Each professional MMA fighter usually has a sponsor to go with their fighting career, especially in the UFC. And there have been several UFC fighters sponsored by Nike over the years.
Fighters will take up many financial opportunities like sponsorships from brands to pay for their training and expensive necessities like expert coaches, physical therapists, equipment, and more.
It’s also just a great way to make a lot of money with the power of a big brand behind you to create new products aligned with their brand. Let’s look at who got themselves sponsored by Nike.
Short on time? Here’s the quick low-down:
Nike has sponsored several UFC fighters, including Jon Jones, Anderson Silva, Caol Uno, Quinton Jackson, Yoshihiro Akiyama, and Junior Dos Santos. These sponsorships usually included customized footwear and apparel. Jon Jones famously lost his Nike sponsorship because of bad publicity, including fighting at a press conference.
Some big-name UFC fighters sponsored by Nike have worn the swoosh in their custom fight gear and more. Keep on reading to learn about each fighter and their sponsorship deals.
Jon “Bones” Jones
In 2012, Jon Jones signed an exclusive global sponsorship deal with the sportswear giant Nike.
This deal became one of the most incredible sponsorship deals of its time in Mixed Martial Arts, mainly as Nike is not hasty to jump into an agreement with anyone. They have famously sponsored the most prominent names and legends of sports worldwide, including Michael Jordan and Tiger Woods.
Everything was set for Jones to be sporting Nike Swoosh’s as he walked out at UFC 151 for a headline UFC Heavyweight Championship bout against Dan Henderson. Sadly, this event never went ahead as Henderson pulled out due to injury, and Jones refused to fight the replacement offered as Chael Sonnen (though he would fight him later at UFC 159).
UFC 151 remains famously “the UFC event that never was” as it was never replaced or taken at a later date. Instead, UFC 152 was organized for Jon Jones to defend his Heavyweight title against Vitor Belfort.
At both UFC 152 and UFC 159, Jones wore Nike-sponsored apparel in pre-fight training and his fight walkouts.
In that time, Nike released a Jones-branded sports shoe and the – what is now infamous – “Bones Knows” Nike shirt. Jones also appears in a Nike commercial for the first time alongside fellow sports legends LeBron James (NBA/Basketball) and Serena Williams (Tennis).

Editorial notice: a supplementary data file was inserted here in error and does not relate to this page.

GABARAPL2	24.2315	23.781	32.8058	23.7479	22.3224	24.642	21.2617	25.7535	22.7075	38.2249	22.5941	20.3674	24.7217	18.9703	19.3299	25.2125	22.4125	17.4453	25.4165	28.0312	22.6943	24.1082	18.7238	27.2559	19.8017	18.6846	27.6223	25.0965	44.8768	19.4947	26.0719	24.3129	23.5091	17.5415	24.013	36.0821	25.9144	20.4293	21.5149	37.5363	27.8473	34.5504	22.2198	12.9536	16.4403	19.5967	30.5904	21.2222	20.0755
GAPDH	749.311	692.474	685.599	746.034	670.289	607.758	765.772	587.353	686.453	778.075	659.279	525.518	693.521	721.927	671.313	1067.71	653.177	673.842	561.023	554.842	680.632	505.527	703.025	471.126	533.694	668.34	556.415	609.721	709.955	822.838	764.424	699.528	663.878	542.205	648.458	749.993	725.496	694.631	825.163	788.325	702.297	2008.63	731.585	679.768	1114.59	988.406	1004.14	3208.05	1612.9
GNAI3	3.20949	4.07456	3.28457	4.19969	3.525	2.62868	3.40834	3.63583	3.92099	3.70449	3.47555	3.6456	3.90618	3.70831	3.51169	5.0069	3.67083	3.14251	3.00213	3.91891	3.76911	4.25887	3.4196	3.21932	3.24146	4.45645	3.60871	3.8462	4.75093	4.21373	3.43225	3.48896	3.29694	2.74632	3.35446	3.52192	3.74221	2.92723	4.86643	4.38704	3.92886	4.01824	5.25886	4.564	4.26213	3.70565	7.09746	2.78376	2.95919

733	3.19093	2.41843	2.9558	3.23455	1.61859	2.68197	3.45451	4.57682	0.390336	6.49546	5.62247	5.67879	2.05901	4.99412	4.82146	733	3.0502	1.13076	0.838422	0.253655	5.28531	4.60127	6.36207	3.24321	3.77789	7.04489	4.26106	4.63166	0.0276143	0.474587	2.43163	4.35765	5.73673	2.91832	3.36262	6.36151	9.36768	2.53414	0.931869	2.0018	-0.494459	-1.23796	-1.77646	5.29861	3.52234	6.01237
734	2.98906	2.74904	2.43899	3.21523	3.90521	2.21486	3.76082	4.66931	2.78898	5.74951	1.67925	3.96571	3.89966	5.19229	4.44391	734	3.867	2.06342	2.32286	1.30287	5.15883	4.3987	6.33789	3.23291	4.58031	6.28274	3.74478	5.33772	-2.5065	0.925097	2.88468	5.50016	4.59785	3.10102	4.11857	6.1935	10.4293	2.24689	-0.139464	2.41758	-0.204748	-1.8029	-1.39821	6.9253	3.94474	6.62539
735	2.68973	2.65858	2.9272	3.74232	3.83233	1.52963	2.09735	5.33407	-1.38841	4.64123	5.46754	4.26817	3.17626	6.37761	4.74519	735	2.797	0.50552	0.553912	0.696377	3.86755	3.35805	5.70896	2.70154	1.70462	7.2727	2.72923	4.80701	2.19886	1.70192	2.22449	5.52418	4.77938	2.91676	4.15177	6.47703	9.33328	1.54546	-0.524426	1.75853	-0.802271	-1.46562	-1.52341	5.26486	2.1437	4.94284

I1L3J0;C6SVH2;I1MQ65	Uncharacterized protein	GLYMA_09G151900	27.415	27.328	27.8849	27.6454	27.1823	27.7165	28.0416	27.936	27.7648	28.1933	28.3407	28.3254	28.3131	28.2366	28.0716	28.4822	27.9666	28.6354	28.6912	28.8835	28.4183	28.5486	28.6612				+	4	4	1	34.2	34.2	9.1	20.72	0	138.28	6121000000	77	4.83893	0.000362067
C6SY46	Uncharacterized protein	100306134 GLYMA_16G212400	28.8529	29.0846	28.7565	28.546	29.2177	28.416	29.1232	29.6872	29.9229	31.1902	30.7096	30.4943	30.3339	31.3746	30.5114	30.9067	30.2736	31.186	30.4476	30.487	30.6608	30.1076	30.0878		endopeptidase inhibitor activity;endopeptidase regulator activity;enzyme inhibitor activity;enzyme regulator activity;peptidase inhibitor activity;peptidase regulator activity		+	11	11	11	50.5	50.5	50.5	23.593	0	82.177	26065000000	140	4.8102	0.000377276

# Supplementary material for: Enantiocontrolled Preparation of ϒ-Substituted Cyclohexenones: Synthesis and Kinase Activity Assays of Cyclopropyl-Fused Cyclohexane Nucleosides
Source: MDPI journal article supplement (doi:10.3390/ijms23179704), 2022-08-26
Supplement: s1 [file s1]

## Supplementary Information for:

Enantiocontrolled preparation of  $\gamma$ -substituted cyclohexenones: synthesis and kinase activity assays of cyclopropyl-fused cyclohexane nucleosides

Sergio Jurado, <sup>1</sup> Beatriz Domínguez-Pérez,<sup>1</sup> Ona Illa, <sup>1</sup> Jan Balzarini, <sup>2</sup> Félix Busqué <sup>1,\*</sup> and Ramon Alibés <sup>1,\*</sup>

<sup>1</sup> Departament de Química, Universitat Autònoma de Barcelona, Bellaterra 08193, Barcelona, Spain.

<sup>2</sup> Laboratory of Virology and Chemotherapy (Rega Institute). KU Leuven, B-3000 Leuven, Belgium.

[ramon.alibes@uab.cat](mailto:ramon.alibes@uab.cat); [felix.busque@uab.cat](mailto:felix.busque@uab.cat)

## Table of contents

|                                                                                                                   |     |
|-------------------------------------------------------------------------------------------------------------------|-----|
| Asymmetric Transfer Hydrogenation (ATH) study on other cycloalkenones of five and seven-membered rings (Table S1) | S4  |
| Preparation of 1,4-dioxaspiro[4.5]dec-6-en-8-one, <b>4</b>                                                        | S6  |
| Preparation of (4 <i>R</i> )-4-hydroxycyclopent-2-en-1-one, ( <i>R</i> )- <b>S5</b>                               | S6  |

The “Bones Knows” t-shirt is now a scarce item as they were limited edition production at the time and no longer manufactured. They can sell for over $300 on eBay and other marketplaces like it! Add on top the situation surrounding the brand partnership ending, making it a hotly-desired item.
The partnership between Jon Jones and Nike was eventually terminated by the brand two years after it began.
The gossip goes that the sponsorship ended because of a fight between Jon and his rival Daniel Cormier at the UFC 178 press conference. A month later, the announcement comes from journalists that Nike has ended their contract.
Anderson “Spider” Silva
Anderson Silva was another fighter that had a deal with Nike between 2011-2012. While the deal wasn’t the same level as Jon Jones (a global partnership), Silva had a strong bond with Nike Brasil in a regional agreement with the brand.
The partnership was teased by Nike in 2011 with a harrowing face-off with the Spider himself. Nike is one of those brands that always tries to bring out the pure personality and stature of the sportspeople they work with, and this intelligent commercial was no exception.
During their partnership, the Spider walked out to multiple events – like UFC 134 and UFC 148 – wearing his Nike shirt and famous yellow-and-black tight combat shorts.
It’s common practice for fighters to wear their brand’s apparel during the walkout because, by the time they reach the octagon, there’s not so much clothing worn and more skin shown for the fight.
For Silva’s fight at UFC 148, he wore his personalized Nike Pro Combat Fight Shorts in his famous yellow, representing his identity and likely paying homage to his native Brasil.
Anderson Silva also got his very own “Silva Knows” Nike shirt – similar to Jon Jones’ version – as Nike started doubling down on expanding their roster of MMA fighter sponsorships.
Sadly, though, Nike pulled further away from sponsoring fighters entirely by 2014. It might be due to the amount of controversy in this sport, but I’m sure Anderson Silva was not one of them. The Spider is a legend because of his professionalism and displays of respect for the sport and his opponents.